Erin Washington: Dust to Dust
These colors survive— not, notice, thrive, or flourish, or bloom, although some do carry a floral note about them and all are temptingly considered as analogous to the anemone, beauty from blood, pain—most explicitly beyond the pale, on the periphery, the edge, the places carrying head on out beyond the solid and material plane and hanging, like gravid pauses, over nothing, like Odin from Yggdrasil or street lamps, incandescent color suspended over and illuminating voids, gaps, prismatic trimmings buried like the K/Pg boundary, a band of violence and romance and the proliferation of things difficult to recognize, study, taxonomize, comprehend, so that one looks at, say, a marvelous representation of a Hellenic-style sculpture of a woman's face and neck, Ruin and cosmic dust, in chalk!, becomes absorbed in the kinetic nature of it, of the legion of little cuts and scores which birthed her, the beak and talon marks of Prometheus' eagle in the long-coagulated, tar-like chalkboard blood of the perpetually riven, of the elegant curve of a neck, the carotid groove, being summoned from the most didactic of mediums, the upper lip and eyes piled up as if from snow, the bridge of the nose resting like Golgotha, the dogwood beams born across her forehead—no room for Pallas to get out of there!—and the small nebulae and clouds of uncrossed tally marks and all this hermetic, glorious, intricate beautiful stuff and suddenly screaming out there on the edge is this band, the colorful K/Pg layer, running like snakeskin or a Fruit by the Foot along the upper corner, process yellow and grapefruit flesh and paint-cap-groove green, and the one notices it, too, throughout the painting now, flashes of color, of inspiration!, crocuses in a black snow. - B. David Zarley, Chicago Contributor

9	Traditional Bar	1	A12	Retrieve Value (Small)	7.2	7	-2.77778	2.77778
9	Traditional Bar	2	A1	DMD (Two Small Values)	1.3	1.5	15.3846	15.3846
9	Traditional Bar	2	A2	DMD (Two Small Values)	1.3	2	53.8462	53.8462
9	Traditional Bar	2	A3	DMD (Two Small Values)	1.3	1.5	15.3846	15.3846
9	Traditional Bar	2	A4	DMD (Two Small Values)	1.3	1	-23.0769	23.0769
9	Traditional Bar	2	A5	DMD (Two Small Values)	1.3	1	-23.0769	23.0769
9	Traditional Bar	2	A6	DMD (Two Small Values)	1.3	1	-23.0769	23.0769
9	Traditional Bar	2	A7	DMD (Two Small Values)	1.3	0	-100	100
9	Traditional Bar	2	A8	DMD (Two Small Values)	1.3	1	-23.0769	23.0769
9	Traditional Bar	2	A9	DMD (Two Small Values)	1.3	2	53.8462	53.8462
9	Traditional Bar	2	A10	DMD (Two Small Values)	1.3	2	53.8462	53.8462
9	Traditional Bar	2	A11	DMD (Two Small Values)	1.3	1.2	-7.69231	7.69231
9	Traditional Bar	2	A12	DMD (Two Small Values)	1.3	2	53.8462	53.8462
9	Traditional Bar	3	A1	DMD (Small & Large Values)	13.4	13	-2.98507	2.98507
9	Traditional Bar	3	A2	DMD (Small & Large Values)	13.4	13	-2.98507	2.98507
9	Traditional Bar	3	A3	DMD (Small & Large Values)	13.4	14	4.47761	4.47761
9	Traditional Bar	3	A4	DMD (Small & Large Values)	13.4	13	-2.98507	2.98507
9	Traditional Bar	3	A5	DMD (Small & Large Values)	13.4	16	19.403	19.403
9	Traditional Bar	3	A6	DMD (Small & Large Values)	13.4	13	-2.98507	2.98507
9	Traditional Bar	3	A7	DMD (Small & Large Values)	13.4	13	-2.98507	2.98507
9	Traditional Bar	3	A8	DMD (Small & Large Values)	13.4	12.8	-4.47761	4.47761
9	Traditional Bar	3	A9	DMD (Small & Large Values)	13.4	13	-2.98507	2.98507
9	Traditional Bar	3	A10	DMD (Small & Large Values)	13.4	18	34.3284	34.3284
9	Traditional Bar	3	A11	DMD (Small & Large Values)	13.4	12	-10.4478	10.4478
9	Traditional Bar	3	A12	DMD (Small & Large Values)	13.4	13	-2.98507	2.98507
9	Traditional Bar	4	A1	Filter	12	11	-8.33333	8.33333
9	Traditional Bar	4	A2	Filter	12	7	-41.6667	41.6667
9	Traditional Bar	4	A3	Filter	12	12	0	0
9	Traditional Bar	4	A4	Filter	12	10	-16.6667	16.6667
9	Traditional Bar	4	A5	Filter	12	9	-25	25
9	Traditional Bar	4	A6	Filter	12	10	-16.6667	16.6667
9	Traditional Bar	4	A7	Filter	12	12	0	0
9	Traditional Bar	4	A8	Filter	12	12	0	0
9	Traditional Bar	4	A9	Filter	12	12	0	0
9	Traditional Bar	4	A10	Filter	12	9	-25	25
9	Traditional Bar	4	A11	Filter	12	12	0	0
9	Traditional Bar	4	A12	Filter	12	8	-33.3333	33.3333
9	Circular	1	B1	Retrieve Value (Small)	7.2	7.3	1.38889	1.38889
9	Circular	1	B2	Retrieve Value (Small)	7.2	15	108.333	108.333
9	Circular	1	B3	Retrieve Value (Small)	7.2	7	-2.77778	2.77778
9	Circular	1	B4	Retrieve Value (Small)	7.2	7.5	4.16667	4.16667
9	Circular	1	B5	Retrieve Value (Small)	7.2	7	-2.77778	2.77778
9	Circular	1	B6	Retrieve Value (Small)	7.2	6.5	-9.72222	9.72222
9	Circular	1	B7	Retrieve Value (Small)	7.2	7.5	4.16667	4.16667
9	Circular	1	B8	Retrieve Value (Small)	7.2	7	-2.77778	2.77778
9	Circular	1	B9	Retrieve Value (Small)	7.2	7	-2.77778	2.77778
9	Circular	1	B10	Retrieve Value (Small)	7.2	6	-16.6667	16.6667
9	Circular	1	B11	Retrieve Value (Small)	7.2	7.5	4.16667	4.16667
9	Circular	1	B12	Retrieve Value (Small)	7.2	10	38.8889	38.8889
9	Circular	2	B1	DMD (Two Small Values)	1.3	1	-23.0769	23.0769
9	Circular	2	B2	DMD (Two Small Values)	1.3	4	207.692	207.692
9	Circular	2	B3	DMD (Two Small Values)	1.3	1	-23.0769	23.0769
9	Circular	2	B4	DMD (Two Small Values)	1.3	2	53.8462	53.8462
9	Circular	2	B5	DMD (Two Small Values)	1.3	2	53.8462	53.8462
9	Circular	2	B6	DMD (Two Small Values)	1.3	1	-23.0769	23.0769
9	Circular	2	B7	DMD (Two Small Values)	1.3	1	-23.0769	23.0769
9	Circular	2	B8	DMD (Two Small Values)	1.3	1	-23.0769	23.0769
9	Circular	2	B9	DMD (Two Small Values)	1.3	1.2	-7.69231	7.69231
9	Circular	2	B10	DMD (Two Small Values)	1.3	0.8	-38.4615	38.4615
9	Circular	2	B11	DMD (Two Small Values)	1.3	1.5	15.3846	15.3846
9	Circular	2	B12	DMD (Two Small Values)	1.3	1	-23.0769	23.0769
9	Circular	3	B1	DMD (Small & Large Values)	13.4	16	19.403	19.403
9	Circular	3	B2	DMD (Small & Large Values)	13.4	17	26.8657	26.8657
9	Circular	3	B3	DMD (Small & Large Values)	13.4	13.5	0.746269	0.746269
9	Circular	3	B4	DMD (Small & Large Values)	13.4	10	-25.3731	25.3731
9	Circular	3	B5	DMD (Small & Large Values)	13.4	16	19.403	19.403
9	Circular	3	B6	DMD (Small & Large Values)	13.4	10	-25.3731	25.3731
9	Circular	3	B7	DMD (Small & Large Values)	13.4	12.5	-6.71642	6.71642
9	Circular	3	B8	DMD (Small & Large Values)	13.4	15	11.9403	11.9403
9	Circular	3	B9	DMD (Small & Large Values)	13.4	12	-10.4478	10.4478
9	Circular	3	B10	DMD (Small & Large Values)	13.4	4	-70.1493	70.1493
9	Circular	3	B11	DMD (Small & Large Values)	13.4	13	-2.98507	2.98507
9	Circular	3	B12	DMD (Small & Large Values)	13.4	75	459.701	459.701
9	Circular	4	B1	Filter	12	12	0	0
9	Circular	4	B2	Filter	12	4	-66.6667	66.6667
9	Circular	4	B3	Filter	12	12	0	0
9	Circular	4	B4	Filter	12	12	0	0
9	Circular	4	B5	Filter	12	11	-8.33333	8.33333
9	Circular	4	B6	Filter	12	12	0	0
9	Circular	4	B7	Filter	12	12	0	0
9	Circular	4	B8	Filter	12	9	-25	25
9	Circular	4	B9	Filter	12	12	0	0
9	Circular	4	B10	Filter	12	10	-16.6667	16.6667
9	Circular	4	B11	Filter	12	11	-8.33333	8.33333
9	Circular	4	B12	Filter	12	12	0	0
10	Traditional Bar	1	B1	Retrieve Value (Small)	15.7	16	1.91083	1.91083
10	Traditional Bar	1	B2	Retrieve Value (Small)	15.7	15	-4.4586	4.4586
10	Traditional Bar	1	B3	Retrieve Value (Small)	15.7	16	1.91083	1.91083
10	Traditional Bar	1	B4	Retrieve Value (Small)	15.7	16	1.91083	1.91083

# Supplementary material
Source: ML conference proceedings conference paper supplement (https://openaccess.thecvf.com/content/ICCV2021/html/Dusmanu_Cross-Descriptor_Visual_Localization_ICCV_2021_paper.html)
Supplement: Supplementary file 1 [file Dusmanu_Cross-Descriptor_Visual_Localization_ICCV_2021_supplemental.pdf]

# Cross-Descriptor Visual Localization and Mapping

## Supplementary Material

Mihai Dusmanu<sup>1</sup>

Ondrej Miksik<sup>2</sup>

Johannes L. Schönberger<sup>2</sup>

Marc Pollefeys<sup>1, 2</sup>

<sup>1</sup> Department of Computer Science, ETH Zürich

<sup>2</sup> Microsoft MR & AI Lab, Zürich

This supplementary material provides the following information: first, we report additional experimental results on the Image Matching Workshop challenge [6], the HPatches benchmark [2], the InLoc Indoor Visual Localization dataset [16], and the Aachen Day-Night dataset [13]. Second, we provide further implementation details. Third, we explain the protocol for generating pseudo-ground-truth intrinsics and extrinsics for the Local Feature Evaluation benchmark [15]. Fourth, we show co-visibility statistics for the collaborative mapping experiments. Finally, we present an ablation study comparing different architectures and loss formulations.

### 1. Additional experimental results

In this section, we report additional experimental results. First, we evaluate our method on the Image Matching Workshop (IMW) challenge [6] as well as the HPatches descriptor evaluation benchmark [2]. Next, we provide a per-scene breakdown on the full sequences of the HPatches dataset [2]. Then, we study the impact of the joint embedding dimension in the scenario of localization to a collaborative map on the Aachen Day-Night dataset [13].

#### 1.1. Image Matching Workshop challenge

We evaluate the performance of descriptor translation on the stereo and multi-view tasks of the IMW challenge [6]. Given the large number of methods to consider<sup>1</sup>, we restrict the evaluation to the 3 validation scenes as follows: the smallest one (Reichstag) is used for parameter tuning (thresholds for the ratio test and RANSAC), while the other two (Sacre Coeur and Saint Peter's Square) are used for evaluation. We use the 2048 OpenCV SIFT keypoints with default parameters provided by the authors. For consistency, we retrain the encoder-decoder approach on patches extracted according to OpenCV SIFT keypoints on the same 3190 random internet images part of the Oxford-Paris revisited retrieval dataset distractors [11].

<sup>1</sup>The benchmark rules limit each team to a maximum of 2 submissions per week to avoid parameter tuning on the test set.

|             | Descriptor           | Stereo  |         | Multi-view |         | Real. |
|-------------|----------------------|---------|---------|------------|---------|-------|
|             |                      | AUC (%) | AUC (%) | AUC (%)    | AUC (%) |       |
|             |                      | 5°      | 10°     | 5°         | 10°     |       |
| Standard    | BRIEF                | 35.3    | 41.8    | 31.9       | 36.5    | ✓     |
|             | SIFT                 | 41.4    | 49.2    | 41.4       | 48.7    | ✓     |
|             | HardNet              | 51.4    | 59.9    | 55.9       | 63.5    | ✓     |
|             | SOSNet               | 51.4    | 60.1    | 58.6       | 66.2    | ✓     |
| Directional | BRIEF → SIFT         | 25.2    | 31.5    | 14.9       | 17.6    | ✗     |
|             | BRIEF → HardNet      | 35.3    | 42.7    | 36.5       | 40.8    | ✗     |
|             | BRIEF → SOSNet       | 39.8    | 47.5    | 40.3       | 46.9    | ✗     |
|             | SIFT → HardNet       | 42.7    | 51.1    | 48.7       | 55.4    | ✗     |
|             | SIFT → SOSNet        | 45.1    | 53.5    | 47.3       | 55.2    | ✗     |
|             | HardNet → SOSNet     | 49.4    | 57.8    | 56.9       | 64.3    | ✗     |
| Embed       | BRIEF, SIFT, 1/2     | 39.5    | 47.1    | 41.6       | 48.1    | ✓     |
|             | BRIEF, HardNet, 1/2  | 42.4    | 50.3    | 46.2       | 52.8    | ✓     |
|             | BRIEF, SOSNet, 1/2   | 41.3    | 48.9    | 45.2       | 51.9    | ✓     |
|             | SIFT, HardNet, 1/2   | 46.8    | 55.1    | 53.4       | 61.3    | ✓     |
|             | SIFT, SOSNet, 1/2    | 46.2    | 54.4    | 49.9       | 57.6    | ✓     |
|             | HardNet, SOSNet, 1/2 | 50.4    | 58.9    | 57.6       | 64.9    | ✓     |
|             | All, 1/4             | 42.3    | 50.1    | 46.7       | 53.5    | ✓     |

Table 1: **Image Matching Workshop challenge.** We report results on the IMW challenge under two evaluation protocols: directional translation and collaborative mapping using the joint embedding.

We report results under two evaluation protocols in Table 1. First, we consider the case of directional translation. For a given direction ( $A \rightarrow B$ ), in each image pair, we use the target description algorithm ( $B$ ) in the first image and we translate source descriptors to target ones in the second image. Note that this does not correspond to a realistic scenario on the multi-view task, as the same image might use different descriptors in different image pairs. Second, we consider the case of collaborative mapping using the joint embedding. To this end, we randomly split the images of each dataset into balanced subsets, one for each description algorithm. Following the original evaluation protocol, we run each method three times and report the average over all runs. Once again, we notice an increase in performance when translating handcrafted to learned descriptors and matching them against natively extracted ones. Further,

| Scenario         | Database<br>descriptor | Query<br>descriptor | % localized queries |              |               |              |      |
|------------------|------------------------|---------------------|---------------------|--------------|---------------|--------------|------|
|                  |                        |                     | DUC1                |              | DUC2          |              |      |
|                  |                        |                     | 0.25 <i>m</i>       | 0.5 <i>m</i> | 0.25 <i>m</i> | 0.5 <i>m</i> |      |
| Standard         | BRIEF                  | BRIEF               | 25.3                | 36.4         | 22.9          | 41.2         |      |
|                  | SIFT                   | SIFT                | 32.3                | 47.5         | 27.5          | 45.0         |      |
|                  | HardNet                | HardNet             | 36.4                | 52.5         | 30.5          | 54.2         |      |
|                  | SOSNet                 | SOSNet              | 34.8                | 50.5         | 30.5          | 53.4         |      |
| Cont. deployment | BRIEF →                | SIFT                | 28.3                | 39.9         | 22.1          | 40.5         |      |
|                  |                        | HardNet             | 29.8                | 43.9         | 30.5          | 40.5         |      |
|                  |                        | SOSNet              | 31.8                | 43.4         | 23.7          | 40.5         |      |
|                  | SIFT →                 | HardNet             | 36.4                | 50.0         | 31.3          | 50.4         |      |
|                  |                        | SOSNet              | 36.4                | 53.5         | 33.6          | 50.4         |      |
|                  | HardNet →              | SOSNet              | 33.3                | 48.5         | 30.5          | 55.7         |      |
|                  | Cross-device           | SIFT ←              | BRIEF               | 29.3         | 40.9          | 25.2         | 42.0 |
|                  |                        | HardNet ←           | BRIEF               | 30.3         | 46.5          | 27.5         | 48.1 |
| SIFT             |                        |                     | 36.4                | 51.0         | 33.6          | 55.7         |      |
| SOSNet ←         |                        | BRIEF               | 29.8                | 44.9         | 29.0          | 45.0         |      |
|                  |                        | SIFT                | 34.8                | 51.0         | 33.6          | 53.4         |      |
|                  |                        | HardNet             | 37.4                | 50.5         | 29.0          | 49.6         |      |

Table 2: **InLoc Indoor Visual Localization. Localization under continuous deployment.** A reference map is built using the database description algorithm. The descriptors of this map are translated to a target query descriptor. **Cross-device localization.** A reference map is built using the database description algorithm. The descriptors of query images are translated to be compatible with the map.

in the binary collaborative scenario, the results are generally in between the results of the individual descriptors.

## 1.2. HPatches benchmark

Those colors hidden beneath the pedantic surfaces—it's a chalkboard and chalk!—of Useful Knowledge, Erin Washington's solo show at Zolla/Lieberman, are abstractions she applied in between coating her panels with pigment/joint compound mixtures and chalkboard paint. They can read—and read is the correct word, here; one must move through and digest Washington's works in layers, chapters, books or cakes being the best metaphors and book seeming the more apt—as cathartic, as the creative impulses requisitely exorcised and the echoes of her less mimetic past, but can also represent the underlying dreams, madness, thoughts from which our concrete knowledge is extracted. They sit just below the surface, like schizophrenia, beautiful and frightening and integral to the chalk directly atop them, even when invisible.
The pain with which knowledge is gained—and knowledge always comes at a price, up to and including a god's eye—and the wounds opened in the pursuit of truth are what Useful Knowledge illuminates, in often humorous and always clever ways. The Western hermetic and classical art images Washington portrays are layered thick not just with paint but meaning, and not just meaning but also wit, stacked entendres which unravel into a multitude of related but separate ideas, a ball of baby snakes.